We’re your friend, but Brexit will be tough, Germany tells UK

30 January 2017. By Simon Taylor

Germany’s political and business leaders say they are firm in their belief that Brexit will have profound economic consequences for the EU and the UK. But don’t expect Berlin to cut the UK any slack.

Senior German lawmakers who spoke to MLex last week were adamant that the EU is heading for a painful, hard Brexit and that the UK government had failed to come clean about the costs.

But none of that will affect the will, from all sides of the German political firmament, to defend EU unity and the integrity of the single market. Expect Berlin to be combative in its approach to Brexit.

For evidence of this approach, look no further than the German response to a speech given by Theresa May on Jan. 17, in which the UK prime minister set out her Brexit priorities.

The speech may have played well for May at home, but the German politicians who spoke to MLex complained that May had given little indication of where the UK was prepared to make tradeoffs.

Detlef Seif, deputy EU spokesman of the center-right CDU-CSU, said the speech clarified “nothing” and was “for domestic political consumption.”

The speech also stumped Axel Schäfer, deputy leader of center-left SPD parliamentarians, who said that May had acted as though there could be a “win-win situation” for the EU and Britain at the end of the Brexit negotiations.

“With 100 percent certainty, we will end up in a lose-lose situation,” Schäfer said.

The reason German politicians believe the UK and the EU face such severe economic consequences from Brexit is because the terms of the exit deal will inevitably mean that Britain will lose its rights to trade freely with the EU.

This is the logical consequence of May saying that the UK will no longer be a member of the single market and it wants out of the customs union. And it has left German’s political class puzzled.

Seif stresses that the UK cannot expect to pick and choose parts of EU membership to suit itself.

The UK may have been able to indulge in “cherrypicking” in the past when it was a member of the EU, Seif says — the decision to stay out of the euro, steering clear of the Schengen visa-free travel area and enjoying some opt-outs from justice and home affairs laws had been the UK’s prerogative.

But that will change: Seif says there will be no cherrypicking in exit negotiations.

This undermines the argument of UK politicians, including Foreign Secretary Boris Johnson, who have said that the UK would get a good deal on trading terms for the single market because German exporters would want to protect their UK sales.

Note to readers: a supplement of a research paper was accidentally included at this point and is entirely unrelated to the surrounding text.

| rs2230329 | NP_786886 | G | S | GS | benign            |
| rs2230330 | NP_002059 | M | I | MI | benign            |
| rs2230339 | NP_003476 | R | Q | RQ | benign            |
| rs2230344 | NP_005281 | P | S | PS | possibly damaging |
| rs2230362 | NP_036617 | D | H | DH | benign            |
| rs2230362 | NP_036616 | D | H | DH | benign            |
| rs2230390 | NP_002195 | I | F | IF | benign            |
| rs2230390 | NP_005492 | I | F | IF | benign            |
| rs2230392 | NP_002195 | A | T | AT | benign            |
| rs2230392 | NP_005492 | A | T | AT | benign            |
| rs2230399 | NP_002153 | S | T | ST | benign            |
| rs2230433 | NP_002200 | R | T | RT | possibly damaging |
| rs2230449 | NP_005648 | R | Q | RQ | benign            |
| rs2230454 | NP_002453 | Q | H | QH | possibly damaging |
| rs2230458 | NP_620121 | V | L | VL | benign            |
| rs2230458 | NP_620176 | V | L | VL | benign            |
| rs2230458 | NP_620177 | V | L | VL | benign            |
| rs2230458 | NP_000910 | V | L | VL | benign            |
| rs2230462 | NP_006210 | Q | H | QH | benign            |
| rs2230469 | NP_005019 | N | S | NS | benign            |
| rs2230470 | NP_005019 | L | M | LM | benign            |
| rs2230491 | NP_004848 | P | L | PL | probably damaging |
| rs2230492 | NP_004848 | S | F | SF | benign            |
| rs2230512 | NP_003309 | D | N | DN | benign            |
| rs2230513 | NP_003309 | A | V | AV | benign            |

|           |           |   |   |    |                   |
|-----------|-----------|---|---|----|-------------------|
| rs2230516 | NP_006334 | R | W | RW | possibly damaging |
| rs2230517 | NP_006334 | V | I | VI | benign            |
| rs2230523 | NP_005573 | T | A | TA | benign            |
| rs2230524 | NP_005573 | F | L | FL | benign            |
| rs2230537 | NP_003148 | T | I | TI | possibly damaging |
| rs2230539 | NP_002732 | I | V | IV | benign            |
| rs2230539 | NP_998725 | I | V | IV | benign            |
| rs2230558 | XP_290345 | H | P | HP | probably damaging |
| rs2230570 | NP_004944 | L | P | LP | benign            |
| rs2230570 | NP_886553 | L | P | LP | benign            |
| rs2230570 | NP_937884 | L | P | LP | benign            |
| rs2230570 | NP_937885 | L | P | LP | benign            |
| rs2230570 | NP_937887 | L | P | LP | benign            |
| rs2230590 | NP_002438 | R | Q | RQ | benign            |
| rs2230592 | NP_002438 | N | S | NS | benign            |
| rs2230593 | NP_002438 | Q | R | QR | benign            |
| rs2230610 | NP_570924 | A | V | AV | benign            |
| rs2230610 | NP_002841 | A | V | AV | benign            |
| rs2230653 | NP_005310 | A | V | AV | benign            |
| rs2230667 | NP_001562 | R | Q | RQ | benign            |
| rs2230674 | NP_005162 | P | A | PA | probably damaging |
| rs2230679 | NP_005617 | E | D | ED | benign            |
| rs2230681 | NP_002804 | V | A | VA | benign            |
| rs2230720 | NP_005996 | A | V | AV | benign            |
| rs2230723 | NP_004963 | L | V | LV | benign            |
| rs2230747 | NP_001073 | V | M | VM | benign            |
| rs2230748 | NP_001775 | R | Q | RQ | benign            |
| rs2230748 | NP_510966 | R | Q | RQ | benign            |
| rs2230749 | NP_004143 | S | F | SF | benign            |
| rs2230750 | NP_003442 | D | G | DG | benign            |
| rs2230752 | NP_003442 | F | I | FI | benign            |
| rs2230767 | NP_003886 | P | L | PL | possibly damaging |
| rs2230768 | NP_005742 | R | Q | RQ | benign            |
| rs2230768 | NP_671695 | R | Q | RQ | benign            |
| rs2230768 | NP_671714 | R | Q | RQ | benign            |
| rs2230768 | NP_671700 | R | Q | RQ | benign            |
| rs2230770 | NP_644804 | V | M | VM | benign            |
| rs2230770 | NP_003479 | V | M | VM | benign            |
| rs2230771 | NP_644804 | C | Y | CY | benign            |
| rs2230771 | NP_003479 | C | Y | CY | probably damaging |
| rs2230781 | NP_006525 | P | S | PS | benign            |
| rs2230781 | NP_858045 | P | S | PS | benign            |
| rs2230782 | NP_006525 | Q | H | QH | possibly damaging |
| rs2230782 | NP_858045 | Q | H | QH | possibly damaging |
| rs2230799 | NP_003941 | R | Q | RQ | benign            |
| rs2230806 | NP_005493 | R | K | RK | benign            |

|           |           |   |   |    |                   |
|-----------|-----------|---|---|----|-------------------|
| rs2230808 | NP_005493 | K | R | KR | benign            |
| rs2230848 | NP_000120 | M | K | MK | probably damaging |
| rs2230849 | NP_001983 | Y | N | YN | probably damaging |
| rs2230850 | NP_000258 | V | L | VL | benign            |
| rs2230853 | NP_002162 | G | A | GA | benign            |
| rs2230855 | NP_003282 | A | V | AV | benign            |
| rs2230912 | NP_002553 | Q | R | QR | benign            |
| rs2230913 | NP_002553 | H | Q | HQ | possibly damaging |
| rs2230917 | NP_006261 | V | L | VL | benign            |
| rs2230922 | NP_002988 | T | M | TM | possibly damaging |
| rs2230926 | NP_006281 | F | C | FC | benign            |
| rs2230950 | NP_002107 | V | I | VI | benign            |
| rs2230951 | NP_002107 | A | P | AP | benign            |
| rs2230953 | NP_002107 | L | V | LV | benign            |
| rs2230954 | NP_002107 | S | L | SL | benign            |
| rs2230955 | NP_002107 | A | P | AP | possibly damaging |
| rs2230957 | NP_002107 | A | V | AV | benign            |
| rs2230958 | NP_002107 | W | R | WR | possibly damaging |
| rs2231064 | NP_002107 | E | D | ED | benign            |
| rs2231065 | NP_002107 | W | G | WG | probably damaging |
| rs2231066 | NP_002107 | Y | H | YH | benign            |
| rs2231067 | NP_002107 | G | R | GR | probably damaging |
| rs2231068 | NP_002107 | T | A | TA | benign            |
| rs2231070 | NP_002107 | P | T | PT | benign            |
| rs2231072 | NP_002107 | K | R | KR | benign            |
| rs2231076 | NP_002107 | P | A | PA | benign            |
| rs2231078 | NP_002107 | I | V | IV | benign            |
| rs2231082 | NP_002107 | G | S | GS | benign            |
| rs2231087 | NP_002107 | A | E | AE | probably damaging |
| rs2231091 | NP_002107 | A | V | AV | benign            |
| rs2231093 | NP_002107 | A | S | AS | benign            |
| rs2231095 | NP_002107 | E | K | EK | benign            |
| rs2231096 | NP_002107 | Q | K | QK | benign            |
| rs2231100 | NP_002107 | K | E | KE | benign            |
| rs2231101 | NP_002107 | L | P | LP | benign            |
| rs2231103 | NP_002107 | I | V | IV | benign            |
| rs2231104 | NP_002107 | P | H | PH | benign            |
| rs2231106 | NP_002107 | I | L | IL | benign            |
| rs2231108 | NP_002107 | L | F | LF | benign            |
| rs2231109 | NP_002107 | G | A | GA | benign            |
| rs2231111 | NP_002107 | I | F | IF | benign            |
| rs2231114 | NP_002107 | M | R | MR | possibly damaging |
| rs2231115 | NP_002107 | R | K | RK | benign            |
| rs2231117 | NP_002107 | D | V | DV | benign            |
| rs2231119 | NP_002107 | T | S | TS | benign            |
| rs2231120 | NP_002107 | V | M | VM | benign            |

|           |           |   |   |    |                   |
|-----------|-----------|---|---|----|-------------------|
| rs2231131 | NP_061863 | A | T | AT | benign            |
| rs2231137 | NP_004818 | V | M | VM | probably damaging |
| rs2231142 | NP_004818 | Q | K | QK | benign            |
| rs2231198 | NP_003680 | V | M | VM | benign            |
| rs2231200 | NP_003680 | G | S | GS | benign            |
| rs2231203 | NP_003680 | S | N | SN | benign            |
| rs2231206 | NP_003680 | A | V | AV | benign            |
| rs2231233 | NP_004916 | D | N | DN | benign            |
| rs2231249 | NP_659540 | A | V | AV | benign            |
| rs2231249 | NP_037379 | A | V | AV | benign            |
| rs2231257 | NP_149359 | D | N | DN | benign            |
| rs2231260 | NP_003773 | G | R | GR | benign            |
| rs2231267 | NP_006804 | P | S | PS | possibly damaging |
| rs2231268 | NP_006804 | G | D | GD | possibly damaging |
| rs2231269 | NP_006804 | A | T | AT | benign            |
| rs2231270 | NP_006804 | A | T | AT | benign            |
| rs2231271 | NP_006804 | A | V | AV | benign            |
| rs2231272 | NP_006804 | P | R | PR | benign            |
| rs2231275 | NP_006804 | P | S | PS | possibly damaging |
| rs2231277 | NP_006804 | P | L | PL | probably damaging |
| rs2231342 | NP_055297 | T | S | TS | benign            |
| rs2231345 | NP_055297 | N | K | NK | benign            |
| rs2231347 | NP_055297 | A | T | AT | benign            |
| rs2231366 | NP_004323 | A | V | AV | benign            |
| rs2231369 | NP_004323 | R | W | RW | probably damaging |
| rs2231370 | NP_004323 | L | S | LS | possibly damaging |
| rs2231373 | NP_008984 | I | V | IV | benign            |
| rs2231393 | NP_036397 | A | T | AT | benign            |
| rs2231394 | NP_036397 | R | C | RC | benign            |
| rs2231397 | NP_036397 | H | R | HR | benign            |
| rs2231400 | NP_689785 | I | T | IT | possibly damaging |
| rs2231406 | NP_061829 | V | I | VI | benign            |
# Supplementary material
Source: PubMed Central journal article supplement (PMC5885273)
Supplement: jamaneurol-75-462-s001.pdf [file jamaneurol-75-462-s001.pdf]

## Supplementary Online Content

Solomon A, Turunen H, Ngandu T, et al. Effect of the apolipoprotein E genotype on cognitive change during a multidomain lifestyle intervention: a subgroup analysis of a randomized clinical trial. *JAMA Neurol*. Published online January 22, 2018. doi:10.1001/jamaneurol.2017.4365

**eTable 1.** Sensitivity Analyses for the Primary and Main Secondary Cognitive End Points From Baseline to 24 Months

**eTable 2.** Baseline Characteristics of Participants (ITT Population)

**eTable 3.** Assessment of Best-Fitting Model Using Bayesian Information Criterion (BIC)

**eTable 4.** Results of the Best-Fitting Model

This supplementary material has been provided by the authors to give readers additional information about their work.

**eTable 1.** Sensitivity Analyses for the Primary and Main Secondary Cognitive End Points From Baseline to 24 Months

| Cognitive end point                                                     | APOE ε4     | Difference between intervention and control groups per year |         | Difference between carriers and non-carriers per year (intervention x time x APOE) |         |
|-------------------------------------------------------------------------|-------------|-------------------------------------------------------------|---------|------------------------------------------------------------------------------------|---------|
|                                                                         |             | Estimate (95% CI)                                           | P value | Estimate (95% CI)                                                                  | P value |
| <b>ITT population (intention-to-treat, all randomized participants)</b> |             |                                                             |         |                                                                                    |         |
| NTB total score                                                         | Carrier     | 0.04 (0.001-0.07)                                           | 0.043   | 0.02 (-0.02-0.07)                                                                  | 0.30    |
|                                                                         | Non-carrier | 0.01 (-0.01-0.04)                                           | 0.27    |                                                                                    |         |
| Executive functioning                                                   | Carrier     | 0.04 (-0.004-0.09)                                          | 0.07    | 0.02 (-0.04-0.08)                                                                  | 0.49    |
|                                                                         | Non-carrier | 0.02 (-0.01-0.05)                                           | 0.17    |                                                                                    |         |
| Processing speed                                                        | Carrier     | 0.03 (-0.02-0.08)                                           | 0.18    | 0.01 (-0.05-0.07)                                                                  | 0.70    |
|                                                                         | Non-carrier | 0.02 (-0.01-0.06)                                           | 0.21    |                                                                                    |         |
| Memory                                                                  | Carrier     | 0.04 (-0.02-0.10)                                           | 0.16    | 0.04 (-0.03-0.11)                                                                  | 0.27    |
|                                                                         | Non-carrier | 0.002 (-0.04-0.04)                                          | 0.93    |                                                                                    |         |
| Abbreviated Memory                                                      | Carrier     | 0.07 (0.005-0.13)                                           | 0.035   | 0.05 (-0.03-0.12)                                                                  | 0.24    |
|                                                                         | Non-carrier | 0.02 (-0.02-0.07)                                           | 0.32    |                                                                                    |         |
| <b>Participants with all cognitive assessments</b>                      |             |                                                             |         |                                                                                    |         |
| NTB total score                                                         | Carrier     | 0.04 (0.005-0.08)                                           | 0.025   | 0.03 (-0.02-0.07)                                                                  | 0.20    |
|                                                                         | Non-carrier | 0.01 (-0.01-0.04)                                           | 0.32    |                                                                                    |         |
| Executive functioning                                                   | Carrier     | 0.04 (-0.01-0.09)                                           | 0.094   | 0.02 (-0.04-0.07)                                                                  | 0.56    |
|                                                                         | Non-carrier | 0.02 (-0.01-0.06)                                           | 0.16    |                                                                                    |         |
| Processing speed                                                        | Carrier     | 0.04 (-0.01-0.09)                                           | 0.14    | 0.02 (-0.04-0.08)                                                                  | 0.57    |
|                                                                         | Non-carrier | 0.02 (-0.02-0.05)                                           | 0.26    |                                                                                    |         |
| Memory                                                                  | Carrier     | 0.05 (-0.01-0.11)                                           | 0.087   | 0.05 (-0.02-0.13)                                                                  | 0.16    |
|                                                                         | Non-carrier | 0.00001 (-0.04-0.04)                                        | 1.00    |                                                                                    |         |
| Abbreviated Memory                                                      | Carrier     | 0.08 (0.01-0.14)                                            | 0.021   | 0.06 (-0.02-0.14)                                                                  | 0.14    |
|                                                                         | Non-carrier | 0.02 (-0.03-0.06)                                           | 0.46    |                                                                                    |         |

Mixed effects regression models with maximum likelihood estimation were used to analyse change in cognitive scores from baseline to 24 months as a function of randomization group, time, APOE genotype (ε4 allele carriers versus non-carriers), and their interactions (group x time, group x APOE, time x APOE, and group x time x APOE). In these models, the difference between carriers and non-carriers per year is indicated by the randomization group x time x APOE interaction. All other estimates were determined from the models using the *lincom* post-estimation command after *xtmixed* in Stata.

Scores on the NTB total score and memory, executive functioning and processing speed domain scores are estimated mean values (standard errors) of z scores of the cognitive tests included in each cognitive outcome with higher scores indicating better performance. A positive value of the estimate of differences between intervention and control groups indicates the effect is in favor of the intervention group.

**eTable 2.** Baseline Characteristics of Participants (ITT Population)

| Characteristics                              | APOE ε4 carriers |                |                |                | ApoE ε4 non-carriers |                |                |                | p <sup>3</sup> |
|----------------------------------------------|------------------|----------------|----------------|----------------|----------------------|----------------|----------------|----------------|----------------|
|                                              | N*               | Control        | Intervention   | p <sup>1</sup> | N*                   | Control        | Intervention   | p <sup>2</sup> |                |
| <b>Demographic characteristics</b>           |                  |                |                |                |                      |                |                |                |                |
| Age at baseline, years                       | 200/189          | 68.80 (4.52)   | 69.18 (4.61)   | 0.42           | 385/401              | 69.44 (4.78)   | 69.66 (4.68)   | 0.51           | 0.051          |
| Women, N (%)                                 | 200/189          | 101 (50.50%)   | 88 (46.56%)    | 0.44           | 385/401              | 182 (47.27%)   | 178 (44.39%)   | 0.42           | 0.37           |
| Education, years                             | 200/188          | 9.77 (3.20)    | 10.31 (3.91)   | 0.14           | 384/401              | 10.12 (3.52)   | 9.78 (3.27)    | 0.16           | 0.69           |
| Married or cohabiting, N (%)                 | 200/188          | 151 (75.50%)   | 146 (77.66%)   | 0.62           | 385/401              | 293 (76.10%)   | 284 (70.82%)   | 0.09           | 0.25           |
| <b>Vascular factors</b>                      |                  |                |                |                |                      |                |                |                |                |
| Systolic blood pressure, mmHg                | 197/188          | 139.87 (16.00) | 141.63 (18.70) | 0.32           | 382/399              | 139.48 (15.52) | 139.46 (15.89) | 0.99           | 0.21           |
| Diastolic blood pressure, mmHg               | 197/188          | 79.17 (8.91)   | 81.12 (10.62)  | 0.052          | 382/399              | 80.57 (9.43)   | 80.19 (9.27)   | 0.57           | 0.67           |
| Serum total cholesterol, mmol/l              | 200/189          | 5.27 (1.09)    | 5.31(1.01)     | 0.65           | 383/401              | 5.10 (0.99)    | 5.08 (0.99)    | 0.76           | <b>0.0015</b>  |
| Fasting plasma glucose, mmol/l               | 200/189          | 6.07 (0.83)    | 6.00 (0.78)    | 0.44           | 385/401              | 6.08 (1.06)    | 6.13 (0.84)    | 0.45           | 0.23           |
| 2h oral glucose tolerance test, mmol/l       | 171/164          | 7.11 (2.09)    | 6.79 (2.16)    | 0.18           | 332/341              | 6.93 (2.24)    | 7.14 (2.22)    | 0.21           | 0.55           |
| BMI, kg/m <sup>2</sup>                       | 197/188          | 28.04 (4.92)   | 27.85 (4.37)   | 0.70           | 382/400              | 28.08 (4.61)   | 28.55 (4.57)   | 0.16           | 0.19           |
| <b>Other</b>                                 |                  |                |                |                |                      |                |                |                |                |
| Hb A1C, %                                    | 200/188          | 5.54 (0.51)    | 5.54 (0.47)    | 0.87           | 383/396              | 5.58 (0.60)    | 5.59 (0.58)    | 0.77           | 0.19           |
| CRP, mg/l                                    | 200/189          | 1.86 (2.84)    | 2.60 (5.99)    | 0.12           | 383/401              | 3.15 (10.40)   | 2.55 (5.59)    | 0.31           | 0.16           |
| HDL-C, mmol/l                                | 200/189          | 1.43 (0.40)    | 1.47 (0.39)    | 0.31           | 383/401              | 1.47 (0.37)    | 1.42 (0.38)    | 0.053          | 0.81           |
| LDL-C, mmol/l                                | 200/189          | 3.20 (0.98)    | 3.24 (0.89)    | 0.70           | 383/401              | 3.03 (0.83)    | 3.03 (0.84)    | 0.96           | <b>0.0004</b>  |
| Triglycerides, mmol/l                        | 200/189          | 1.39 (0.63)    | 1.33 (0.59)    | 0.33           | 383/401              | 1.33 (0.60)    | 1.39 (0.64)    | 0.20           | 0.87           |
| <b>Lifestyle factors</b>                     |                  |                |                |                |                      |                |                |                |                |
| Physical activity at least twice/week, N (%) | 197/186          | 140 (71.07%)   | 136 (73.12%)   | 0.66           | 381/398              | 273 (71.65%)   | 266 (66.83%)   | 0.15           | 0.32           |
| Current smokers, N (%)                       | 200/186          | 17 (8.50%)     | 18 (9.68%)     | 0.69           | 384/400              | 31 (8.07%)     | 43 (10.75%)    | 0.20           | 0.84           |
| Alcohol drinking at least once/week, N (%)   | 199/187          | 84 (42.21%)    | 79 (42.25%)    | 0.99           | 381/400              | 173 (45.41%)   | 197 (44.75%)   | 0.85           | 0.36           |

Defending the four freedoms

Germany’s political and business leaders are united in wanting to defend the unity of the EU and to resist any attempt to retain the benefits of EU membership without accepting any the responsibilities — including access to each side’s labor market.

Which is why May’s insistence that Britain will end the right to free movement to the UK of EU citizens has become a stumbling block for Berlin.

German Chancellor Angela Merkel said in a recent speech to the Association of Germany’s Chambers of Commerce and Industry in Cologne that full access to the EU’s single market could only be given if the bloc’s “four freedoms” were accepted — the free movement of goods, capital, services and people.

Anything less could see other members attempt to secure the benefits on a membership on a selective basis — picking and choosing which of the four freedoms they want to embrace. That would mean placing the “great advantage” of the internal market at risk, Merkel said.

That is a risk that must be avoided, she said, arguing that politics and business should work together.

And for now, the chancellor’s tough stance has received the support from German business that she had been looking for.

Business backing

Dieter Kempf, president of the Federation of German Industries, said in a speech the same day that for “politicians in Brussels and Berlin, there should only be one motto for the negotiations: Keep Europe together and strengthen it.”

The four freedoms were elemental to the EU, and there should be no new barriers to the freedom of movement for goods, services, capital and people, Kempf said.

The view from Germany is that Brexit is one more geopolitical crisis facing the EU, adding to the influx of refugees and the arrival of a populist in the White House. In facing these perils, Europe must not lose its nerve.

As Merkel said in her Cologne speech, the referendum result had left many in Germany “shattered.” But while Germany wanted to maintain the best possible relations with the UK post-Brexit, this could not come at the price of weakening the EU or undermining the single market.

Merkel talks of giving the UK a “fair” deal on Brexit. But the word from Germany is that there should be no illusions: Brexit will be tough.

	Eliot Gao